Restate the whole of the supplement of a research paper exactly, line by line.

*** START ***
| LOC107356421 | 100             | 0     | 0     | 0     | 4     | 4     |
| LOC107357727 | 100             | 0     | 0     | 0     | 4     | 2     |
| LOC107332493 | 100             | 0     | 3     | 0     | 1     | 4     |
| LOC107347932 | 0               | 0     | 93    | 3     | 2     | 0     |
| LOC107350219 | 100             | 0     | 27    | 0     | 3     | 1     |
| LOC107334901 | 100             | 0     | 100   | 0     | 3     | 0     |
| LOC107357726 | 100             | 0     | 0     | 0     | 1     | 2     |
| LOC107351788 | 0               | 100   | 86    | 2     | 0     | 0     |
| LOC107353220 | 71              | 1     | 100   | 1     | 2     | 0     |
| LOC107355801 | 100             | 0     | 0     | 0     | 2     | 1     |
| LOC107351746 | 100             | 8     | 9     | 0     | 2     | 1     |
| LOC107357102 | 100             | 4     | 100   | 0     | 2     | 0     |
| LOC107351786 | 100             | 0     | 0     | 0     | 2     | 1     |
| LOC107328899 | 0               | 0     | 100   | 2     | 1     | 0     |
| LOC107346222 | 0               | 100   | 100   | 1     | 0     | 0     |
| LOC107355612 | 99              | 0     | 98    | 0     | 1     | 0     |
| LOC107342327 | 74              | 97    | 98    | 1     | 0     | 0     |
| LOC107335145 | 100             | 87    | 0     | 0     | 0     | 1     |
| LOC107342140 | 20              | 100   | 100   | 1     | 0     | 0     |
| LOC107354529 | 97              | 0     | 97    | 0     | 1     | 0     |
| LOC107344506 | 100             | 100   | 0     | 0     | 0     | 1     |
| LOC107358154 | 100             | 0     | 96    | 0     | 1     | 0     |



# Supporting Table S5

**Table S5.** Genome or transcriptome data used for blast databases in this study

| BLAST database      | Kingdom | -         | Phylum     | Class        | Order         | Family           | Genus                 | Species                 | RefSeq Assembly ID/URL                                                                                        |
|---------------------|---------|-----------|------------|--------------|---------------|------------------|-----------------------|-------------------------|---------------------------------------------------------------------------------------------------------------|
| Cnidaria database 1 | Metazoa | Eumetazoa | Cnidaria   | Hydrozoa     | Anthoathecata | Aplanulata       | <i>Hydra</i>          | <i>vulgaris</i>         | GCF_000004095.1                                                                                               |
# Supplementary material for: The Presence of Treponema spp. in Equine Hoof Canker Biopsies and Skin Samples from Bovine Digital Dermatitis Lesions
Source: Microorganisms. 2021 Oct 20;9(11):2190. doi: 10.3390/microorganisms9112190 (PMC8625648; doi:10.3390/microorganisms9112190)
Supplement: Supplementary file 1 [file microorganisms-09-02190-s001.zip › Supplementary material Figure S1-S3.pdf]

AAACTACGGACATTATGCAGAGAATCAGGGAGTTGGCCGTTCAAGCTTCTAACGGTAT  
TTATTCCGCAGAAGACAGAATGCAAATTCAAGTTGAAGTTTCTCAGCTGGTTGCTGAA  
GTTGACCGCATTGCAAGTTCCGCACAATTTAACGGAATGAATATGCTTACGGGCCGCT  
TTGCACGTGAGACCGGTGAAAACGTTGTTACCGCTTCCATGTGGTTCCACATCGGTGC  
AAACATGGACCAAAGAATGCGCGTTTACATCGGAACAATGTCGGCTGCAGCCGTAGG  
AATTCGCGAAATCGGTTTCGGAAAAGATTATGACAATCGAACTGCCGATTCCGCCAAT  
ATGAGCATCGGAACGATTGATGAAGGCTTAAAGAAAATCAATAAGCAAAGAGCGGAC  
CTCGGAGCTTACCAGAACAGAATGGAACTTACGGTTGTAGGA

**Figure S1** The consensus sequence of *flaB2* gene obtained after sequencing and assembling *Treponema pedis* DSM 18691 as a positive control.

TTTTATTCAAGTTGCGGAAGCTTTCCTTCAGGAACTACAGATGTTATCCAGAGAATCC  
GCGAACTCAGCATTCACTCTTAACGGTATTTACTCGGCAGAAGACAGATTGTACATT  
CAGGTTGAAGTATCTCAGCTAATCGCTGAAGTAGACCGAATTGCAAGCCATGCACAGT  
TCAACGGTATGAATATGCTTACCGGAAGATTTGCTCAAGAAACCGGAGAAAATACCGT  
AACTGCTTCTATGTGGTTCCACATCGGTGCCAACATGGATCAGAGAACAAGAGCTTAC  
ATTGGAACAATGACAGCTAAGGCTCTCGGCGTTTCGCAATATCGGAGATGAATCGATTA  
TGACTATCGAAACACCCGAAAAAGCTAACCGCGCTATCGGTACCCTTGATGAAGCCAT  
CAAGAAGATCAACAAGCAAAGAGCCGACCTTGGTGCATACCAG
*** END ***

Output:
| LOC107356421 | 100             | 0     | 0     | 0     | 4     | 4     |
| LOC107357727 | 100             | 0     | 0     | 0     | 4     | 2     |
| LOC107332493 | 100             | 0     | 3     | 0     | 1     | 4     |
| LOC107347932 | 0               | 0     | 93    | 3     | 2     | 0     |
| LOC107350219 | 100             | 0     | 27    | 0     | 3     | 1     |
| LOC107334901 | 100             | 0     | 100   | 0     | 3     | 0     |
| LOC107357726 | 100             | 0     | 0     | 0     | 1     | 2     |
| LOC107351788 | 0               | 100   | 86    | 2     | 0     | 0     |
| LOC107353220 | 71              | 1     | 100   | 1     | 2     | 0     |
| LOC107355801 | 100             | 0     | 0     | 0     | 2     | 1     |
| LOC107351746 | 100             | 8     | 9     | 0     | 2     | 1     |
| LOC107357102 | 100             | 4     | 100   | 0     | 2     | 0     |
| LOC107351786 | 100             | 0     | 0     | 0     | 2     | 1     |
| LOC107328899 | 0               | 0     | 100   | 2     | 1     | 0     |
| LOC107346222 | 0               | 100   | 100   | 1     | 0     | 0     |
| LOC107355612 | 99              | 0     | 98    | 0     | 1     | 0     |
| LOC107342327 | 74              | 97    | 98    | 1     | 0     | 0     |
| LOC107335145 | 100             | 87    | 0     | 0     | 0     | 1     |
| LOC107342140 | 20              | 100   | 100   | 1     | 0     | 0     |
| LOC107354529 | 97              | 0     | 97    | 0     | 1     | 0     |
| LOC107344506 | 100             | 100   | 0     | 0     | 0     | 1     |
| LOC107358154 | 100             | 0     | 96    | 0     | 1     | 0     |



# Supporting Table S5

**Table S5.** Genome or transcriptome data used for blast databases in this study

| BLAST database      | Kingdom | -         | Phylum     | Class        | Order         | Family           | Genus                 | Species                 | RefSeq Assembly ID/URL                                                                                        |
|---------------------|---------|-----------|------------|--------------|---------------|------------------|-----------------------|-------------------------|---------------------------------------------------------------------------------------------------------------|
| Cnidaria database 1 | Metazoa | Eumetazoa | Cnidaria   | Hydrozoa     | Anthoathecata | Aplanulata       | <i>Hydra</i>          | <i>vulgaris</i>         | GCF_000004095.1                                                                                               |
# Supplementary material for: The Presence of Treponema spp. in Equine Hoof Canker Biopsies and Skin Samples from Bovine Digital Dermatitis Lesions
Source: Microorganisms. 2021 Oct 20;9(11):2190. doi: 10.3390/microorganisms9112190 (PMC8625648; doi:10.3390/microorganisms9112190)
Supplement: Supplementary file 1 [file microorganisms-09-02190-s001.zip › Supplementary material Figure S1-S3.pdf]

AAACTACGGACATTATGCAGAGAATCAGGGAGTTGGCCGTTCAAGCTTCTAACGGTAT  
TTATTCCGCAGAAGACAGAATGCAAATTCAAGTTGAAGTTTCTCAGCTGGTTGCTGAA  
GTTGACCGCATTGCAAGTTCCGCACAATTTAACGGAATGAATATGCTTACGGGCCGCT  
TTGCACGTGAGACCGGTGAAAACGTTGTTACCGCTTCCATGTGGTTCCACATCGGTGC  
AAACATGGACCAAAGAATGCGCGTTTACATCGGAACAATGTCGGCTGCAGCCGTAGG  
AATTCGCGAAATCGGTTTCGGAAAAGATTATGACAATCGAACTGCCGATTCCGCCAAT  
ATGAGCATCGGAACGATTGATGAAGGCTTAAAGAAAATCAATAAGCAAAGAGCGGAC  
CTCGGAGCTTACCAGAACAGAATGGAACTTACGGTTGTAGGA

**Figure S1** The consensus sequence of *flaB2* gene obtained after sequencing and assembling *Treponema pedis* DSM 18691 as a positive control.

TTTTATTCAAGTTGCGGAAGCTTTCCTTCAGGAACTACAGATGTTATCCAGAGAATCC  
GCGAACTCAGCATTCACTCTTAACGGTATTTACTCGGCAGAAGACAGATTGTACATT  
CAGGTTGAAGTATCTCAGCTAATCGCTGAAGTAGACCGAATTGCAAGCCATGCACAGT  
TCAACGGTATGAATATGCTTACCGGAAGATTTGCTCAAGAAACCGGAGAAAATACCGT  
AACTGCTTCTATGTGGTTCCACATCGGTGCCAACATGGATCAGAGAACAAGAGCTTAC  
ATTGGAACAATGACAGCTAAGGCTCTCGGCGTTTCGCAATATCGGAGATGAATCGATTA  
TGACTATCGAAACACCCGAAAAAGCTAACCGCGCTATCGGTACCCTTGATGAAGCCAT  
CAAGAAGATCAACAAGCAAAGAGCCGACCTTGGTGCATACCAG